Airline unions accuse SkyWest of evading safety rules by seeking charter status for flights

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SkyWest Airlines has requested that some flights be operated as charters. The unions accuse the company of trying evade passenger airline safety regulations.

SkyWest may not be a name that most travelers are familiar with, but this small carrier operates flights for American Eagle Express, Delta Connection and United Express. The Utah-based firm asked the U.S. Transportation Department to allow it to operate new charter flights under less restrictive rules, if they limit planes to 30 passengers.

Charter pilots are not required to have the same amount of experience as those who fly on regular airline flights. A rule passed by Congress in 2009 after a crash that claimed 50 lives required that most airline job candidates have 1,500 flight hours. They can get fewer hours if they are military veterans or hold a degree from a recognized aviation school. Charter pilots are also not required to retire by 65 like airline pilots.

Jason Ambrosi said that if the SkyWest scheme is approved, it would undermine the safety rules, reduce the level of flying safety, and provide taxpayer funds to the pilots.

SkyWest claims that charter flights are the only way to maintain service to smaller communities where major airlines have ceased to operate. SkyWest claims that 82% of the communities served by the taxpayer-subsidized Essential Air Service Program are only served by charters.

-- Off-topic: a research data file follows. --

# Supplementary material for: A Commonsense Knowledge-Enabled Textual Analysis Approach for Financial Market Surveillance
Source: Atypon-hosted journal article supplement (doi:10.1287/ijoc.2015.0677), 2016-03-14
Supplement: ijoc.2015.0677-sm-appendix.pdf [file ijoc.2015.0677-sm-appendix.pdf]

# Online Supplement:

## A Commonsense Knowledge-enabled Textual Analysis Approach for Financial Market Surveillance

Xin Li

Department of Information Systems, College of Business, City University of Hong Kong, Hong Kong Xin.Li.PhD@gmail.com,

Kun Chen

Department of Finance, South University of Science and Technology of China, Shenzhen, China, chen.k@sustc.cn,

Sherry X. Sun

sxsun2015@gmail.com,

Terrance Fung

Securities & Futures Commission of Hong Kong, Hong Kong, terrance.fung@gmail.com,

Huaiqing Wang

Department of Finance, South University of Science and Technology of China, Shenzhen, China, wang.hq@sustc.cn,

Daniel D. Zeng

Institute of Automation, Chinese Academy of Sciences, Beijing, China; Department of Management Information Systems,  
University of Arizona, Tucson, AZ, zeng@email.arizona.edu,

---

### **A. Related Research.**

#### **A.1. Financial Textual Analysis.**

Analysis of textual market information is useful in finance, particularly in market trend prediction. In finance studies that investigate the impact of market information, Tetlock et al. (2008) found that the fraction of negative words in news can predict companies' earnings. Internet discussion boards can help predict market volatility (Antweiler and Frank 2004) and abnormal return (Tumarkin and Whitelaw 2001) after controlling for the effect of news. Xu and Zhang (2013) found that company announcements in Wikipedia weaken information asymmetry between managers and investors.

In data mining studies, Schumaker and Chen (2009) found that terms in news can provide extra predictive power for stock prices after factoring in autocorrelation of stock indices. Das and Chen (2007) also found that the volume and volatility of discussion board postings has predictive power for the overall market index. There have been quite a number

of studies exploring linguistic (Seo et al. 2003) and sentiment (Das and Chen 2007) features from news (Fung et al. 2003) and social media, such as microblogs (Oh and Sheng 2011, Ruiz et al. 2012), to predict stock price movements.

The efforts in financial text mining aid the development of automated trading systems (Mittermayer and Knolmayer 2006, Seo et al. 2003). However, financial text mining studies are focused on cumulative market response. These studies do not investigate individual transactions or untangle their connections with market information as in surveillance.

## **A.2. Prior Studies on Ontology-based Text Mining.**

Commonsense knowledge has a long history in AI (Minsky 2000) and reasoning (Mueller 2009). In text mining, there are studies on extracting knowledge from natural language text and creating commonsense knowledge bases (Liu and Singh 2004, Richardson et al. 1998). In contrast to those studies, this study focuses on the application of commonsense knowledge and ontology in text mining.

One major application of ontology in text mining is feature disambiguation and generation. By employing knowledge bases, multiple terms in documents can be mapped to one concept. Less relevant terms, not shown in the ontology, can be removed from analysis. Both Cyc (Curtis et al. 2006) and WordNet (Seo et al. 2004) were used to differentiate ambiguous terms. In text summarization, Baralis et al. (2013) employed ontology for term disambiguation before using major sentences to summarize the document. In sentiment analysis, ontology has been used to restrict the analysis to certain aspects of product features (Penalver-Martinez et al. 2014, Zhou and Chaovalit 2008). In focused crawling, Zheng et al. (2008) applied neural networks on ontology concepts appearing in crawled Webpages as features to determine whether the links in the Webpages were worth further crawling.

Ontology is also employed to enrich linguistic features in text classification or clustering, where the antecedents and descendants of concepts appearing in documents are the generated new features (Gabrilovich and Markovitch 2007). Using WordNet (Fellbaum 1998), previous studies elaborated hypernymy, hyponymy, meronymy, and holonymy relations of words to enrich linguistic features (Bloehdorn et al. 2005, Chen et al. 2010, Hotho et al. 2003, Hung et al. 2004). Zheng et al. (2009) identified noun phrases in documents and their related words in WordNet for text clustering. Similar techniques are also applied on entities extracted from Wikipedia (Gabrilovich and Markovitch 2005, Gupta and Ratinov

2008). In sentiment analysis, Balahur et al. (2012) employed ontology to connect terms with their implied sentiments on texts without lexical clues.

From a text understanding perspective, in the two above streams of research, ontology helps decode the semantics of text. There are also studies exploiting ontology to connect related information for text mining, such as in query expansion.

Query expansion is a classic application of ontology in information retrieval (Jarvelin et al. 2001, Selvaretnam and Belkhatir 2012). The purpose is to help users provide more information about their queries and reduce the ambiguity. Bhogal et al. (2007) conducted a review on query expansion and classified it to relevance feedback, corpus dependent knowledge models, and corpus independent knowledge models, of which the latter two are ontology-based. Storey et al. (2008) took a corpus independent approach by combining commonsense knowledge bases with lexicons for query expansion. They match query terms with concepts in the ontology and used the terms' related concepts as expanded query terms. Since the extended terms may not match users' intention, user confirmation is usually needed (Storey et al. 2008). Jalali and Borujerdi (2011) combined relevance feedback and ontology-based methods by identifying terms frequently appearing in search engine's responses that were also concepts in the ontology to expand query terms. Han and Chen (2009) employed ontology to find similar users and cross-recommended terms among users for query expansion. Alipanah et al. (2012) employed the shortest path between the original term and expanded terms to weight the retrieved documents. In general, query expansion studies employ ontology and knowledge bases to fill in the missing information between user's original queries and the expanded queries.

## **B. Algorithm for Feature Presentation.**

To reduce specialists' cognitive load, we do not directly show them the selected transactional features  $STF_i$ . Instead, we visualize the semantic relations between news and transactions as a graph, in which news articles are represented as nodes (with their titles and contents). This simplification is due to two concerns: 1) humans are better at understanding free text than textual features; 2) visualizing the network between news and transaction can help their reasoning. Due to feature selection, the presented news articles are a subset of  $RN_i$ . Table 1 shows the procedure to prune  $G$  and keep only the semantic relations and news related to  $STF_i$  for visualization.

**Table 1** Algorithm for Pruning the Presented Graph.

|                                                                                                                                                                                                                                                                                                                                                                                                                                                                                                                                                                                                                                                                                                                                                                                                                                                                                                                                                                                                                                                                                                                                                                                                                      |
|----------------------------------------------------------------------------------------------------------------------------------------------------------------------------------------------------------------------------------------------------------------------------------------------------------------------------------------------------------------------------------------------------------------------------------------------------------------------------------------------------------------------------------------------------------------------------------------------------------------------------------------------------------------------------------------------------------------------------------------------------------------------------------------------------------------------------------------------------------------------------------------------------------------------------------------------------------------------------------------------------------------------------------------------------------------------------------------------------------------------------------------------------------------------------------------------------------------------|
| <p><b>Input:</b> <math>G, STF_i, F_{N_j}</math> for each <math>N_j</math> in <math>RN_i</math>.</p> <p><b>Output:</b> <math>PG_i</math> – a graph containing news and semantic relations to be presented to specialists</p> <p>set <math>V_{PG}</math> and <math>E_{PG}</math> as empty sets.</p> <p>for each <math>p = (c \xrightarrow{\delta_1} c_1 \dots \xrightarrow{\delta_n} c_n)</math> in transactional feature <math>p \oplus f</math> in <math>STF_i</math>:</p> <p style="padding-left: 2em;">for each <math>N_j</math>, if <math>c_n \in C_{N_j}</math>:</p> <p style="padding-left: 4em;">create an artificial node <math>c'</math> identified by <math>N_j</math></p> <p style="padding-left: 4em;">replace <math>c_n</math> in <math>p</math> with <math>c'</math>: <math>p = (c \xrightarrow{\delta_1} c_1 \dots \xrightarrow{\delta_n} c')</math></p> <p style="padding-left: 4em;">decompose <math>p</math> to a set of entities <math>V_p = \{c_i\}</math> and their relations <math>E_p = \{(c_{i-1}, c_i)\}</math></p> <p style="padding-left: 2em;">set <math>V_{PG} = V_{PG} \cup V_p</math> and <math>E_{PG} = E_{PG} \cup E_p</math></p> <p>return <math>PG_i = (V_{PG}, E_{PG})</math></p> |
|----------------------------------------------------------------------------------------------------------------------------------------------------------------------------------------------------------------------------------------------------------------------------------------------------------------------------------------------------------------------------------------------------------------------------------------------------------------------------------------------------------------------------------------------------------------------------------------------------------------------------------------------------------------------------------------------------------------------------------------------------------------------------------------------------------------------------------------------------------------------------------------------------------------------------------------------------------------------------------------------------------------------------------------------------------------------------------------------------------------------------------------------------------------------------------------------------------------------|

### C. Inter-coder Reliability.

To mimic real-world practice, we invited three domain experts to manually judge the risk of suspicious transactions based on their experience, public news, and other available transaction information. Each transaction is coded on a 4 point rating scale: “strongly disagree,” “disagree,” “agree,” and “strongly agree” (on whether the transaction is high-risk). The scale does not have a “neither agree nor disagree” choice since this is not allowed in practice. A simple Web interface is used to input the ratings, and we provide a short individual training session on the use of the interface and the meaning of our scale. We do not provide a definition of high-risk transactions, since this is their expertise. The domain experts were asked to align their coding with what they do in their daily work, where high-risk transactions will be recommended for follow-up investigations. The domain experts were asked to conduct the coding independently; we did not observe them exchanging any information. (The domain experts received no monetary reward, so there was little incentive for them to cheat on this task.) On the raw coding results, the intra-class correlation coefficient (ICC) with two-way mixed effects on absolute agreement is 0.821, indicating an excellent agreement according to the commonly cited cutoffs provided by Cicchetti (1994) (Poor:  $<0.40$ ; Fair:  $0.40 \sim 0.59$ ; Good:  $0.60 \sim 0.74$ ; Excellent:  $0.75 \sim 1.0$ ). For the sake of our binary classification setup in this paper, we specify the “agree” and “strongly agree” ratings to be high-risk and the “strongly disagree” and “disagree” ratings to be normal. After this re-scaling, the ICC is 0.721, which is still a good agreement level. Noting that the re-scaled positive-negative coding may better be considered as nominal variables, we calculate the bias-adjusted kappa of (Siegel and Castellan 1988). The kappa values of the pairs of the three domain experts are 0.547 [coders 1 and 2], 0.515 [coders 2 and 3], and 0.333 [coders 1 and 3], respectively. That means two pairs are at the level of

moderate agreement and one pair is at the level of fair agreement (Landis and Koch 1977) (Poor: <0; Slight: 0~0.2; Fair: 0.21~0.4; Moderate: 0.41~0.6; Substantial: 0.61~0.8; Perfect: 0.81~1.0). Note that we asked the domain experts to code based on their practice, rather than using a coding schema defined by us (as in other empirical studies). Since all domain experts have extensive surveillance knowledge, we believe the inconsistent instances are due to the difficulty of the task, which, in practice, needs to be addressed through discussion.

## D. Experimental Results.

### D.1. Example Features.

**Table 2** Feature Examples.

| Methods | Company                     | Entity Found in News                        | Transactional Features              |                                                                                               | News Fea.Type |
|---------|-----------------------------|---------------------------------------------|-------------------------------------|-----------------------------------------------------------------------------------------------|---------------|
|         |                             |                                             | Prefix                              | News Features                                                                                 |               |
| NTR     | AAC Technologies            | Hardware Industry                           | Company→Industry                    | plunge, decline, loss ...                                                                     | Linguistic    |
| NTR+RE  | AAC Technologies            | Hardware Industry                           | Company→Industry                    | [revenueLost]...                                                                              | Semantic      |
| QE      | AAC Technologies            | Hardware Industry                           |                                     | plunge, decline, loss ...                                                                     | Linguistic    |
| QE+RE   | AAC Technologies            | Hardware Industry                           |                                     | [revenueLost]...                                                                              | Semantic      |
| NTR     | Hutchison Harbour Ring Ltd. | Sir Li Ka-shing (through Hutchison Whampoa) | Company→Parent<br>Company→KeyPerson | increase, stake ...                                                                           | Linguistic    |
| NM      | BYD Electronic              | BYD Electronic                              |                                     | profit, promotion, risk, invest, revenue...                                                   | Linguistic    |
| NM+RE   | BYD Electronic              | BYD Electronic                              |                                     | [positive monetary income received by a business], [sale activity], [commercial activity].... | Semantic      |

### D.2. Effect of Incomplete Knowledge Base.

In a letter sent last week to Transportation Sec. Pete Buttigieg, Russell Childs wrote: 'We are committed to providing you with the highest level of safety, security, reliability, and service.'

Childs promised that SkyWest would surpass other charter operators - and some low cost airlines - in pilot training and rest rules, among other things.

SkyWest's charter operation is supported by several smaller cities. Salina, Kansas Mayor Michael Hoppock stated that SkyWest's Charter operation "represents the most effective way to maintain the service level our airport needs and deserves."

The Transportation Department is yet to announce a date for its decision.

SkyWest is opposed by unions that represent pilots, airtraffic controllers, flight attendants, and ground workers. Peter DeFazio is a former Congressman who was the chairman of a House Committee for many years and oversaw Transportation Department. He said that the SkyWest plan will 'roll back' the clock on safety regulations governing maximum work hours and rest periods between flights.

DeFazio stated that he did not see the move as a way of perpetuating safe service in those smaller cities and I saw it as a step backwards from one level in aviation. I don't think anything good will come out of this.

SkyWest employed approximately 13,600 people, including 4,700 flight crews, to start the year. The company operates 625 aircraft in the 50-to-76-seat range. The company intends to sell charter flights using 30-seat Bombardier Jets.

Pilot shortages have plagued small, so-called regional carriers. SkyWest announced last year that it would drop 29 United Express routes under the Essential Air Service Program due to a lack of pilots.

SkyWest Charter Plan has largely been ignored by the larger airlines.

American Airlines questioned if SkyWest, another charter airline, could benefit from a lower price than regular airlines if it followed the example of JSX. JSX passengers do not pay the Transportation Security Administration fee ($11.20 per round trip) because they don't pass through TSA checkpoints when leaving private terminals.

SkyWest has promised to use TSA-approved security.